This Remembrance Day marks 75th anniversary of the end of the Second World War. In normal circumstances, the ceremony at the National War Memorial in downtown Ottawa would have drawn thousands to pay their respects in person. 

 This year, Remembrance Day looked a little different. 

The Royal Canadian Legion urged citizens to stream the ceremony online or to watch it on TV, to avoid large crowds in the midst of the COVID-19 pandemic.

There was no large gathering in Confederation Square, no stirring parade of veterans. But the constraints didn’t discourage Canadians from honouring the day. 

In an interview on the eve of Remembrance Day, Ottawa Mayor Jim Watson explained how he was planning to pay his respects to Canadian veterans while still practicing safe social distancing. 

“It’s a lot different (tomorrow] than it has been,” said Watson. “Normally I would go to the national ceremony of the cenotaph and represent the City of Ottawa and lay a wreath there. But this year, in lieu of that, I am doing two other, smaller events.”

Laying a wreath

Instead, Watson honoured Canadian veterans by laying a wreath at the Juno Beach Memorial Bridge along the Airport Parkway in south-end Ottawa, joined by River Ward Coun. Riley Brockington.

Watson followed that event by joining the Royal Canadian Legion Orleans branch for a modified Remembrance Day ceremony and lunch. 

Watson’s day wasn’t the only thing that has changed this Nov. 11. He discussed his role as mayor and what he described as his public duty of telling people “no” to certain activities, upholding pandemic precautions that can’t be pushed aside because of Remembrance Day.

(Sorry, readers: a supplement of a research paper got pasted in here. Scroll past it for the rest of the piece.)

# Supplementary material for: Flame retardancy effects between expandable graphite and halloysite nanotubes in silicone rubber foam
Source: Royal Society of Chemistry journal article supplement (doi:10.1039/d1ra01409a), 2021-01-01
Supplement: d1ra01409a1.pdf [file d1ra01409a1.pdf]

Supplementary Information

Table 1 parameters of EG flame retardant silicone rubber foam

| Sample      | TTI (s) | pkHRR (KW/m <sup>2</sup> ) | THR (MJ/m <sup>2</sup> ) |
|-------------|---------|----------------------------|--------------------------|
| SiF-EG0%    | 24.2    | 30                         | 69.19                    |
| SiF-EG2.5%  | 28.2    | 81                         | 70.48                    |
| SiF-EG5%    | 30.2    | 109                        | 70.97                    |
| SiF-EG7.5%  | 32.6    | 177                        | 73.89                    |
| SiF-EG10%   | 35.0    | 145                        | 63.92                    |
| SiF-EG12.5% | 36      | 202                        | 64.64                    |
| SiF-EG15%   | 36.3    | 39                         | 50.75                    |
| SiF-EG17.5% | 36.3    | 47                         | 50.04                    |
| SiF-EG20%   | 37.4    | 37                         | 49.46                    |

“Obviously you are the bearer of bad news, more often than good news, because we have to enforce provincial regulations and guidelines,” said Watson.

“I think the vast majority of people recognize that it’s the responsible thing to do, and if we want to get rid of COVID, we all have to sacrifice a little… otherwise we will just be dealing with this for many, many years, as opposed to many, many months.” 

Ottawa is known for its large turnout at the annual national ceremony, which saw more than 32,000 people paying their respect last year. 

This year’s contrast was stark. Downtown streets looked empty for the first time as local residents followed public health directives to stay home. 

Princess Margriet, born at the Ottawa Civic Hospital in 1943 during the Dutch royal family’s Second World War exile in Canada, was to have visited Ottawa in May to help mark the 75th anniversary of the Liberation of the Netherlands. [Wikipedia Commons]

“I think people would rather be there, because it’s an important day in our lives, but this year, like everything, whether you are holding a wedding, a funeral, Remembrance Day, or eating in a restaurant, everything has been turned on its head — and we have to accept the fact that the coronavirus is much more powerful than we are, and we have to be smarter than it,” said Watson. 

Remembrance Day wasn’t the only important event in Ottawa related to the Second World War milestone affected by COVID-19 this year.

Watson’s press secretary, Patrick Champagne, noted that Ottawa was expecting to have Princess Margriet in Ottawa earlier this year to mark the 75th anniversary of the Liberation of the Netherlands. 

Princess Margriet was born in Ottawa’s Civic Hospital in January 1943 because the Dutch royal family has relocated to Canada during the German occupation of the Netherlands. The royal family’s time in Canada and the Canadian military’s leading role in liberating the Netherlands have creating a lasting friendship between the two countries, expressed each year in a gift of tulip bulbs to Canada —  the inspiration behind Ottawa’s famous Tulip Festival.